Page:Popular Science Monthly Volume 35.djvu/456

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tution which, has done so much to encourage the sentiment of worship. The liberal movement, the impulse toward Christian unity, the substitution of ethical for dogmatic teaching, the appeal to the soul of man rather than to his credulity, all seem to indicate that the Church, which has been so much in the past history of the race, is yet to adapt herself to the changed conditions of the times, and still be an important factor in its future.

But of even greater importance are those changes which seem imminent in the school. Its influence comes at an age when the mind is particularly plastic, and when life is new and fresh. It occupies the attention during the greater portion of at least five days in the week, and even during the remainder it is seldom absent from the thoughts for any considerable length of time. One can scarcely overestimate the importance of establishing so pervasive an institution upon the right basis.

It may seem a trite thing to particularize again the function of an old institution like the school, yet it is only by keeping this very constantly in mind that one can appreciate its present position, or pass intelligent judgment upon those innovations which have been proposed for its improvement.

The school, in the first place, then, is a means and not an end. It serves a purpose. It is not, like the state or the church, an organism and possessed of life. One can construct no pleasing ideal of what the perfect school ought to be. He can at best only specify what results it should produce. Like all other tools, its function is to form and to fashion. A machine is not valued for its proportions, its color, its material, but for its subserviency to the work required, and for the character of its products. The point demands emphasis, for educators too frequently look to the symmetry of the school itself instead of to the harmony of its results. They forget that different materials require different tools for their working.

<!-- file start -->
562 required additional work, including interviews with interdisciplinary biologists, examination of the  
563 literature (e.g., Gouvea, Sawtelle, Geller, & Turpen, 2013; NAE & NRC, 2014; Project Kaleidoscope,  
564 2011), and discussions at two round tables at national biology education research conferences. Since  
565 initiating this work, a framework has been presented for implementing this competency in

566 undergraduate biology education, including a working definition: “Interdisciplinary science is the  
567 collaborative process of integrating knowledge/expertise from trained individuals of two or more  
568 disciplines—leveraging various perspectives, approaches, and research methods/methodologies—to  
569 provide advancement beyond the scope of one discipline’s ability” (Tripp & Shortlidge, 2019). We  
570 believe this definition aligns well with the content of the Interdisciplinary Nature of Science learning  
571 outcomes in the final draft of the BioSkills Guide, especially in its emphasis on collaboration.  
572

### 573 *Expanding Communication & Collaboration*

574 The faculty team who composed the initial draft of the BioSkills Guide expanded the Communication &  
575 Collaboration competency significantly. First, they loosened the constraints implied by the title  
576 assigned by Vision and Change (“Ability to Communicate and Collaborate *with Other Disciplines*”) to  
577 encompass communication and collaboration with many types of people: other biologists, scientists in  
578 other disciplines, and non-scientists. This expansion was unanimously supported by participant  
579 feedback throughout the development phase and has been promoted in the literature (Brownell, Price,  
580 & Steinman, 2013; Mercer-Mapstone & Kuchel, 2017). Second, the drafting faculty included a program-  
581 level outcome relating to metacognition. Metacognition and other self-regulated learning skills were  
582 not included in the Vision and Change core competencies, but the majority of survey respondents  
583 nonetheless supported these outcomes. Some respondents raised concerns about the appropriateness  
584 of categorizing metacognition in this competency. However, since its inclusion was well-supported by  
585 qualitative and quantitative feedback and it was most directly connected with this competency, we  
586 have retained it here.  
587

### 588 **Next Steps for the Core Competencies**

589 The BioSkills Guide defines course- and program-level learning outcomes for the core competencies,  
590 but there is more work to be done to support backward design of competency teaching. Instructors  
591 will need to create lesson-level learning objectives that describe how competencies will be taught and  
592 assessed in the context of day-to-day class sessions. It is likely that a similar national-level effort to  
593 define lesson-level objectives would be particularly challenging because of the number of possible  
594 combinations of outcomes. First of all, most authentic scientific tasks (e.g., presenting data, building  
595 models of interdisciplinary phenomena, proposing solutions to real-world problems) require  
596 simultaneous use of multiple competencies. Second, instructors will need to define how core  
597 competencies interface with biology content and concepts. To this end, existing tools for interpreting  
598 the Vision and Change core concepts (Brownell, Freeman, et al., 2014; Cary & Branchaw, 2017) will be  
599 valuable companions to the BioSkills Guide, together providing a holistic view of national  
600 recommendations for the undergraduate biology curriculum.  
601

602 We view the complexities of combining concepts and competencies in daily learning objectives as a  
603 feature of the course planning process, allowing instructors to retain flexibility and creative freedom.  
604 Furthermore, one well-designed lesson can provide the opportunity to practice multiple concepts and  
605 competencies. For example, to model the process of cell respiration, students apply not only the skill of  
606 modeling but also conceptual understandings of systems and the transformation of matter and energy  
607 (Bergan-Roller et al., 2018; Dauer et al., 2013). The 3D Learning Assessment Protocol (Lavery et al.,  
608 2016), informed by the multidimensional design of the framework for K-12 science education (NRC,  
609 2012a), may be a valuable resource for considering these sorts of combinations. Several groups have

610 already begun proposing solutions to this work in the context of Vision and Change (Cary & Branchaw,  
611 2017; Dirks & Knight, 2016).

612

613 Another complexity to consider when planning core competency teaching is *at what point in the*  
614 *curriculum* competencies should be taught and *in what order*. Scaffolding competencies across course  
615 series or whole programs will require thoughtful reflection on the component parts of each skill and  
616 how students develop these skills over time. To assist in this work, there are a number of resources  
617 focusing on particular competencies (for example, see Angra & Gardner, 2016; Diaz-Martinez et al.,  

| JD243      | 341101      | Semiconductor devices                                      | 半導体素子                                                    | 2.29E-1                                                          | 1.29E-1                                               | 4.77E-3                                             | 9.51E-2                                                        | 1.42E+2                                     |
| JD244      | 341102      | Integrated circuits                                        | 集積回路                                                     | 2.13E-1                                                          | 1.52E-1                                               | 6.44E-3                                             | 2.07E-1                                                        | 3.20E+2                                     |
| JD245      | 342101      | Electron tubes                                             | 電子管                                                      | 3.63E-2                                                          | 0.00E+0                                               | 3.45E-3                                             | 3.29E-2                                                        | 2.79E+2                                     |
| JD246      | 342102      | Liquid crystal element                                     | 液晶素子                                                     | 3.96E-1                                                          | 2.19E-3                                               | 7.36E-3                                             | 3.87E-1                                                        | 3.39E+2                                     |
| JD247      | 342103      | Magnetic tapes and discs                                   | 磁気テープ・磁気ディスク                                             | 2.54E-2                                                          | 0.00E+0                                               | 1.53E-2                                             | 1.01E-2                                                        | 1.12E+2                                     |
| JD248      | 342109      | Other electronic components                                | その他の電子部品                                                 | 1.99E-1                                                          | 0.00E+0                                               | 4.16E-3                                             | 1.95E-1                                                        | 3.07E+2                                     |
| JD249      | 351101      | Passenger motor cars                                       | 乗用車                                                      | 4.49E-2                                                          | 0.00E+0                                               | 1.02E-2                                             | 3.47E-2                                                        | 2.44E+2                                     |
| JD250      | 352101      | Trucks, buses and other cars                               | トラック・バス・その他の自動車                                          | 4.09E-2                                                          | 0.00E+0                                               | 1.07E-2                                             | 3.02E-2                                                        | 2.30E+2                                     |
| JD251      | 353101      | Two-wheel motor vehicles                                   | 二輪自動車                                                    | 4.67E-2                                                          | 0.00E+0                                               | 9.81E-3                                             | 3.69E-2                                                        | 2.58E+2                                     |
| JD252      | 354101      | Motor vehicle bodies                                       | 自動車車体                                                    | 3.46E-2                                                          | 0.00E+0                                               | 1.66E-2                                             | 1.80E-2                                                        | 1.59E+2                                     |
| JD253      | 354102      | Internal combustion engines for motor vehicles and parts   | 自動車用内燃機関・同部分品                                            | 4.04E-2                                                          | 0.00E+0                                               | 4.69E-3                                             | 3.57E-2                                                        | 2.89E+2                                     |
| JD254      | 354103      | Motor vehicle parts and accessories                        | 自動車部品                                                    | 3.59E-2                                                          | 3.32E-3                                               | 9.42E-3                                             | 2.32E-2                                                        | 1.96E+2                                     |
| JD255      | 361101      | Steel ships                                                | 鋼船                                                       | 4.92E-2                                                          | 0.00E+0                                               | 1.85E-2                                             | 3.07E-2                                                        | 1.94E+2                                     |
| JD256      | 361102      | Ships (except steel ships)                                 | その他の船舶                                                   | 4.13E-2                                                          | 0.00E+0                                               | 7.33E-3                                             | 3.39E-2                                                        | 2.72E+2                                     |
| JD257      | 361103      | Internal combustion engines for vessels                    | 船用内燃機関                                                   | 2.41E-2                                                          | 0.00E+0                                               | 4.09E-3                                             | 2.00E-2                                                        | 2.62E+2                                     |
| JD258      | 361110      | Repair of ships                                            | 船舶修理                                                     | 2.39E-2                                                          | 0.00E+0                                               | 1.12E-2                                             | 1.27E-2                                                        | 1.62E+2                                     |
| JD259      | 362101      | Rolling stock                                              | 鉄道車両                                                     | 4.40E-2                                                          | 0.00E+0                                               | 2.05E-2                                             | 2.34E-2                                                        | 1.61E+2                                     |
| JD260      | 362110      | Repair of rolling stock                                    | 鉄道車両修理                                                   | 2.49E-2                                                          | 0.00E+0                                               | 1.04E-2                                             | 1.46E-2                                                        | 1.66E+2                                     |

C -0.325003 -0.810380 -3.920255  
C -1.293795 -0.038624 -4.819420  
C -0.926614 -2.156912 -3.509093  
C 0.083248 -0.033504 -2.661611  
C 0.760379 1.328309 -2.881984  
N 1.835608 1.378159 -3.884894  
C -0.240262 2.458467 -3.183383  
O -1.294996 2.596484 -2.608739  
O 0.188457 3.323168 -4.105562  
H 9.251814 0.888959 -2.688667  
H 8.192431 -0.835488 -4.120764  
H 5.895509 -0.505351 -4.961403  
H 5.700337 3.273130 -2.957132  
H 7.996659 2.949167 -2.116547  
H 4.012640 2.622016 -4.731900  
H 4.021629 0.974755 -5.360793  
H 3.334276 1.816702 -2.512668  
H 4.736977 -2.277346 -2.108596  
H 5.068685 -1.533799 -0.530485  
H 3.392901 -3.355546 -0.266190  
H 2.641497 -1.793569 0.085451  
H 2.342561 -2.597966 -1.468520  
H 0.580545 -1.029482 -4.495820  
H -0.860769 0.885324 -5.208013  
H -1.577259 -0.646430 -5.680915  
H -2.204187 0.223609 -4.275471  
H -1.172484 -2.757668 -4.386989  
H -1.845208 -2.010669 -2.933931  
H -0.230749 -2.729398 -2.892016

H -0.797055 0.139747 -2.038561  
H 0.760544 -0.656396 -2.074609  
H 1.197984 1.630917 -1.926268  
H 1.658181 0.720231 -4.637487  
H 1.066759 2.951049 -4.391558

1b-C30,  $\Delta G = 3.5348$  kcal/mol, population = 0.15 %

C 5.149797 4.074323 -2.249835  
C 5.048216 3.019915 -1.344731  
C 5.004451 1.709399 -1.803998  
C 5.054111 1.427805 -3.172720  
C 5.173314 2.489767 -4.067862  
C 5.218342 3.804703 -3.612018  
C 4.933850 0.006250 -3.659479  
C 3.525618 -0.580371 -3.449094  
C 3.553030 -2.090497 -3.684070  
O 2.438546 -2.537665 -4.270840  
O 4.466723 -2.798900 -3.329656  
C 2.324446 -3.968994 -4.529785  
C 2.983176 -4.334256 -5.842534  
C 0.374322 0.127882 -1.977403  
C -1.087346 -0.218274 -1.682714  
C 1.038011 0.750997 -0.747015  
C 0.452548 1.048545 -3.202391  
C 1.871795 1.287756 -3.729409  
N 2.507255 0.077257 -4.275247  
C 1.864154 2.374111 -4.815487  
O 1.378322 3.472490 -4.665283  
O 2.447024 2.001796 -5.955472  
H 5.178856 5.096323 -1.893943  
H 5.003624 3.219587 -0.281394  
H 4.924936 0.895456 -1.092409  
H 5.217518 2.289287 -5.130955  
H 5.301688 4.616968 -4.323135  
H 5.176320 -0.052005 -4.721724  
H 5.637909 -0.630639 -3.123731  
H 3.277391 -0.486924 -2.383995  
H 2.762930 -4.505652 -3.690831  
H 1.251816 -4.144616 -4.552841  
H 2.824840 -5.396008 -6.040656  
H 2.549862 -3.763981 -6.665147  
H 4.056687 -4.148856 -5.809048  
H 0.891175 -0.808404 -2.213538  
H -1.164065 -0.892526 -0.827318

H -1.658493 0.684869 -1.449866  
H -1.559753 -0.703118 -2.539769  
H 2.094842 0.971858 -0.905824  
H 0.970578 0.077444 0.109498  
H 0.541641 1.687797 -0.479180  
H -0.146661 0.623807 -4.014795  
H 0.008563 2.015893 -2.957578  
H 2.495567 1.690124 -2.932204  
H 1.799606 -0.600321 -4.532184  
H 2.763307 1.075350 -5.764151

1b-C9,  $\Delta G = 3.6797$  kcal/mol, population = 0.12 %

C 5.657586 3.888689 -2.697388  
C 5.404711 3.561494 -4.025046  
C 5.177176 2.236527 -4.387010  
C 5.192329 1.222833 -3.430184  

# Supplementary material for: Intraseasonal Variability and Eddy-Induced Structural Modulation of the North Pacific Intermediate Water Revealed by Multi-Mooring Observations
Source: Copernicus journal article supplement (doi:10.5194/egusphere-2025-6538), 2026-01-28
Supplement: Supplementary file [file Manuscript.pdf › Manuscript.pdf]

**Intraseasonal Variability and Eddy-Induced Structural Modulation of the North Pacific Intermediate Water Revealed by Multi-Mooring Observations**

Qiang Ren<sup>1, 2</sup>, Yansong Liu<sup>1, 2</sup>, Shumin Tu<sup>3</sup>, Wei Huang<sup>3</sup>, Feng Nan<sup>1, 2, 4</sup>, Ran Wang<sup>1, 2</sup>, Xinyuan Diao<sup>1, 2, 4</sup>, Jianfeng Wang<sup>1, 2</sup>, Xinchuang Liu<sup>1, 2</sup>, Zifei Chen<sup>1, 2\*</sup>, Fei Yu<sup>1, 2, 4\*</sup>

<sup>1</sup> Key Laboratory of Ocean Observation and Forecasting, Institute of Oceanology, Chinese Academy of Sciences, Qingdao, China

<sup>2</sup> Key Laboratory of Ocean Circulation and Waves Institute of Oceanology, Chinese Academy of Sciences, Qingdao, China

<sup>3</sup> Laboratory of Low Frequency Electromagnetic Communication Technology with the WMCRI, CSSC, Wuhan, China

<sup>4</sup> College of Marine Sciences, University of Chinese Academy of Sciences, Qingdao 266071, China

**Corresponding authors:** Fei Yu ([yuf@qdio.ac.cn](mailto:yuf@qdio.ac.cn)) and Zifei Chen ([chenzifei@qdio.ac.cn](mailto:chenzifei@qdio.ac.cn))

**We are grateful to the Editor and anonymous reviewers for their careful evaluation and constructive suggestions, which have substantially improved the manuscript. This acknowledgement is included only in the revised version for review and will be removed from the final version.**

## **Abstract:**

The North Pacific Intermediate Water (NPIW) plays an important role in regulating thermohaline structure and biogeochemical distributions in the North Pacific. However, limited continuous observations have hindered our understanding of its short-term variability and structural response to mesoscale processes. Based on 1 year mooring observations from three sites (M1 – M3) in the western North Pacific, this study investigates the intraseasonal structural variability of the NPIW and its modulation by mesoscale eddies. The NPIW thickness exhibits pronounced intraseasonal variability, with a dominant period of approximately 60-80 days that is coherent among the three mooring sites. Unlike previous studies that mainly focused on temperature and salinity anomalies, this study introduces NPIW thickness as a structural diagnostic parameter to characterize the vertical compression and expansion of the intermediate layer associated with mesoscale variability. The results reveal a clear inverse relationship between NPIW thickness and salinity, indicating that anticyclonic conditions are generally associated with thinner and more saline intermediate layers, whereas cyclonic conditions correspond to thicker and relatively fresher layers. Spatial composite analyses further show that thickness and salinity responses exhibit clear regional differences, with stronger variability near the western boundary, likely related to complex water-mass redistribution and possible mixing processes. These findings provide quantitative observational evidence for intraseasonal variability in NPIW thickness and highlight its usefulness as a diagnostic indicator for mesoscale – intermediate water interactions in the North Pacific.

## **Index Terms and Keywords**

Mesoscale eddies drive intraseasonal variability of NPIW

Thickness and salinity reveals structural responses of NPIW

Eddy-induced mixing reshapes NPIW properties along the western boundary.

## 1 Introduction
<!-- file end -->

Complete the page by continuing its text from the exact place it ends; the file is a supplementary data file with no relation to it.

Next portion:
It is a curious thing that the human mind should so delight in the idea of stability, and should attempt to attain it, when such an idea finds no place in all nature. Even the crystal, the most unchanging object of our admiration, has undergone innumerable births and deaths. All nature is in a state of solution and of flux. There is no stability, even comparative, except where there is no life. Yet we, who believe ourselves to live best when we are in the most perfect communion with that infinite intelligence whose manifestation we call Nature, are constantly denying our faith by the profane effort to give permanence to that which is essentially transitory. Our laws seem to us good. We crystallize them into a code, and so burden the generations to come with an evil mortgage upon their justice. Our faith seems to us divine. We kill it by formulating it into a creed, and so starve the souls of our